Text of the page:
There’s an old saying that goes, “If you can remember the 1960s… you weren’t really there.” That may be true. Ask Grace Slick about 1968 and you’re likely to be met with a blank stare. Luckily for us “Not Fade Away,” the feature debut from “The Sopranos” creator David Chase, is a spot on time capsule of the era. Too bad Chase didn’t write a story to go along with it.
The core of the story revolves around rock ‘n’ blues music, Doug (John Magaro) and the repercussions of living in a turbulent decade. Doug is invisible in high school—particularly to his crush Grace (Bella Heathcoat)—until he discovers a fundamental truth, girls like guys in bands. Playing drums in a Stones-influenced band gives him a taste of the life, but when he switches to lead sing he finds his vocation, much to his father’s (James Gandolfini) dismay. As the Summer of Love approaches so does interest from a recording industry big shot just as Doug contemplates a move to the West Coast to pursue his dream of solo success.
“Not Fade Away” is at least partly autobiographical. Chase was a New Jersey drummer with a Stones fixation, which explains the level of care placed on the details, but it is hard to whip up excitement for a movie that tips its hand in the opening narration.
We’re told off the bat that this is the story of a band that never made it. It’s an anticlimactic way to start a film, and doesn’t get any grabbier from there. It is interesting to watch Chase establish the time and place. The film is a cornucopia of 60s pop culture. The song “Satisfaction” blends effortlessly with the old-school Emergency Broadcast System alarm off the top, heralding a greatest hits of 60s cultural icons like “The twilight Zone,” Archie comics, JFK’s assassination, even a sneering Dean Martin rolling his eyes after a Stones’s performance on “The Hollywood Palace,” with the words “They’re leaving right after the show for London—they’re challenging the Beatles to a hair-pulling contest.”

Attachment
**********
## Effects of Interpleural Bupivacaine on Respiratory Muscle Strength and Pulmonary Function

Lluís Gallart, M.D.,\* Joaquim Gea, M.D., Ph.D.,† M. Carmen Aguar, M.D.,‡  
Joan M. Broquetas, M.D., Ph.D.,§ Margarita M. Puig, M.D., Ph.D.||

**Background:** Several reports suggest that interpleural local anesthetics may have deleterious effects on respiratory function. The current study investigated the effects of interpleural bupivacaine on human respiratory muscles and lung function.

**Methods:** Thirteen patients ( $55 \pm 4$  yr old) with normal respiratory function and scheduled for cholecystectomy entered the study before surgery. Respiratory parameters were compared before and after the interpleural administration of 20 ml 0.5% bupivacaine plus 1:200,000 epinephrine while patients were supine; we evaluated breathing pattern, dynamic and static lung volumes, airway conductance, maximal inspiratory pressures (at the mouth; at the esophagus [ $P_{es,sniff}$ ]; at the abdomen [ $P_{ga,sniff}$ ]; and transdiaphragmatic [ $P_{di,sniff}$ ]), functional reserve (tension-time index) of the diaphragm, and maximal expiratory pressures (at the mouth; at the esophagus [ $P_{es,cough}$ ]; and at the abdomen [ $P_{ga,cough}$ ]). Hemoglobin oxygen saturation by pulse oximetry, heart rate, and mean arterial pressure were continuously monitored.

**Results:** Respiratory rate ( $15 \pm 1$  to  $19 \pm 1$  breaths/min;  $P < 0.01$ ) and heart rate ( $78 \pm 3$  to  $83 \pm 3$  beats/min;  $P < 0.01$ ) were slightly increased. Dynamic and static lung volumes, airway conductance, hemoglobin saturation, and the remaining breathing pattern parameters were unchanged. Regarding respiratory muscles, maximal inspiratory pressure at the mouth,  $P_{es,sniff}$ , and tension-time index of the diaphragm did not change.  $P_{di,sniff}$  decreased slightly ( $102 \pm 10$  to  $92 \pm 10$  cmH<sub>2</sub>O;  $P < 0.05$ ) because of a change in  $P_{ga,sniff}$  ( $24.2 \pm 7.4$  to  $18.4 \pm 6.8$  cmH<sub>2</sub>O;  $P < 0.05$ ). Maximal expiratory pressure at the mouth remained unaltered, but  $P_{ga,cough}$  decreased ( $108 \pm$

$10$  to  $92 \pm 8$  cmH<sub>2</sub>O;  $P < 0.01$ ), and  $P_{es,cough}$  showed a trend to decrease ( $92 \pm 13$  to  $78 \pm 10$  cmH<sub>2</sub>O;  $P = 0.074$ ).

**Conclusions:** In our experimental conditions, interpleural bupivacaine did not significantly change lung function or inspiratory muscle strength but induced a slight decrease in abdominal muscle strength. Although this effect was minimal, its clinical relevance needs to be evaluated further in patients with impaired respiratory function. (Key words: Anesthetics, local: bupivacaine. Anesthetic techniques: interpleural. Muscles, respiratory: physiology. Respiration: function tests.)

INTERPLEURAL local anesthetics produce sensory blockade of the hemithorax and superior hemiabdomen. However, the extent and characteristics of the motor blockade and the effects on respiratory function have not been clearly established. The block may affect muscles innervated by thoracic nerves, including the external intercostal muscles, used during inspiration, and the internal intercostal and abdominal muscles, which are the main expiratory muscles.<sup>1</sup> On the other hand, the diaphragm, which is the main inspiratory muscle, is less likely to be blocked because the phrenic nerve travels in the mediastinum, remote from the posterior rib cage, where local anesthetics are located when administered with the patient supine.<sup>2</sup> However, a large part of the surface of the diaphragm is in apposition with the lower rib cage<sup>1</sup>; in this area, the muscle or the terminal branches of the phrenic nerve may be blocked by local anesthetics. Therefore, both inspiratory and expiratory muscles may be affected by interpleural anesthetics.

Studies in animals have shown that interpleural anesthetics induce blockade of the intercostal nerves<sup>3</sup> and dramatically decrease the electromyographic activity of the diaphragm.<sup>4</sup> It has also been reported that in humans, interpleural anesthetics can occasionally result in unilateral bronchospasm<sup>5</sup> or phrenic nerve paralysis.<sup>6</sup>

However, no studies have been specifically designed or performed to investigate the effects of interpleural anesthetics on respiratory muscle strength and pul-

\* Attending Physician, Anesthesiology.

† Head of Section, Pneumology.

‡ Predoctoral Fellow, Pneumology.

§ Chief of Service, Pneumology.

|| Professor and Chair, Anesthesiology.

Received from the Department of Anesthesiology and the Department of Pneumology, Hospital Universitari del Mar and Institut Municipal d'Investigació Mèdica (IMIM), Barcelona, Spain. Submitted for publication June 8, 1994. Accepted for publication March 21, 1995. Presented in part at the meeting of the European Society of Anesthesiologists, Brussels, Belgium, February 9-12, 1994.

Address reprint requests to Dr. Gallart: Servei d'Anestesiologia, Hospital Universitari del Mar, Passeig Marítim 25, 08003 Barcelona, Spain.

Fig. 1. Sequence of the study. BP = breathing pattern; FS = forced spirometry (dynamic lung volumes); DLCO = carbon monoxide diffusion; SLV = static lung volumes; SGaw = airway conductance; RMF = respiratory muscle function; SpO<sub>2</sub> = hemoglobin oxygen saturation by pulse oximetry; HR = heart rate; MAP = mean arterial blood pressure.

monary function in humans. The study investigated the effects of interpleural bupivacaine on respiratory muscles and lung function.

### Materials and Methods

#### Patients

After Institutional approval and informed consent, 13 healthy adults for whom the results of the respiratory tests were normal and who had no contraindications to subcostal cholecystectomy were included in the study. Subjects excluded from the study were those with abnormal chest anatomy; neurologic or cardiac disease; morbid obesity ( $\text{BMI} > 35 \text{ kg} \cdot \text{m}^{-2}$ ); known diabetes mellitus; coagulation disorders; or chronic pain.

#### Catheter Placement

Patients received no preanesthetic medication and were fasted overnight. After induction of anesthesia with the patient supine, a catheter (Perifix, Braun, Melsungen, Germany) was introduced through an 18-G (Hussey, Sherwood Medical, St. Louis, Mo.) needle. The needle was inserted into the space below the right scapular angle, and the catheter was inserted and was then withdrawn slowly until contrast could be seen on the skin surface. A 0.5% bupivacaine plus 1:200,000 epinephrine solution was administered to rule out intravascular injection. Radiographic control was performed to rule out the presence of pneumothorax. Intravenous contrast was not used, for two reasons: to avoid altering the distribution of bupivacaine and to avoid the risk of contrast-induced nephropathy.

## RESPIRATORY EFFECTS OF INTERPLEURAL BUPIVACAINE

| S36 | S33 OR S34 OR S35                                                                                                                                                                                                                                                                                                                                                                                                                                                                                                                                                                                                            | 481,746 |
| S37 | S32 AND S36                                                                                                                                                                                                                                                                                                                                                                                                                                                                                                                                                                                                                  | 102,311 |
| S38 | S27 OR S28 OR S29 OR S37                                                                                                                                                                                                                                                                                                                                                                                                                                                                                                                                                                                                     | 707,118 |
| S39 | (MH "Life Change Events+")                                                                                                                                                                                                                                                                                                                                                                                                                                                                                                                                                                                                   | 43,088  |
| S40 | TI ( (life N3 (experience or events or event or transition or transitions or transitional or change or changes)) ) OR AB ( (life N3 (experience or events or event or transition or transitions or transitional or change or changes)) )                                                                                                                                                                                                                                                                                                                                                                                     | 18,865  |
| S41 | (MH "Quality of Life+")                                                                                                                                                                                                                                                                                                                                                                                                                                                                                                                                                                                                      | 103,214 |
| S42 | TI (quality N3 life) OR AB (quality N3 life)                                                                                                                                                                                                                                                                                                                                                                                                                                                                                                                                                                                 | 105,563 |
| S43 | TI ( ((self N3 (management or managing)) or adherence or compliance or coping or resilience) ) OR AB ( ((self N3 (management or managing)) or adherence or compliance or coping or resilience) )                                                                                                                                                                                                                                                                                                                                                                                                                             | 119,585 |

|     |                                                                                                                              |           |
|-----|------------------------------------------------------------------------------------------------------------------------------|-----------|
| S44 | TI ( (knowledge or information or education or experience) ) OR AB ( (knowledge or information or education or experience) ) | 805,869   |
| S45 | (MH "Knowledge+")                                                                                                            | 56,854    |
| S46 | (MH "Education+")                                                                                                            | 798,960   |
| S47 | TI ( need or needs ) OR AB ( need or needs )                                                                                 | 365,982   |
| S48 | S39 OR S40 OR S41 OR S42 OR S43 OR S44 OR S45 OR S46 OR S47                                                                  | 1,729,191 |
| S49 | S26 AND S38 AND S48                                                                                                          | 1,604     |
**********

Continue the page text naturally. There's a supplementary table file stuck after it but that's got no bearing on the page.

All that nicely sets up the decade and the anti-establishment stance personified by the soundtrack’s music, but is let down by episodic storytelling and the lack of really compelling characters or situations. From the opening moments the story builds to an anti-climax, and on that score it delivers, providing one of the oddest and least satisfying conclusions to a movie in recent memory.
As an exercise in nostalgia “Not fade Away” mostly works, but like many trips down memory lane, the people you meet aren’t always as interesting as you remember them.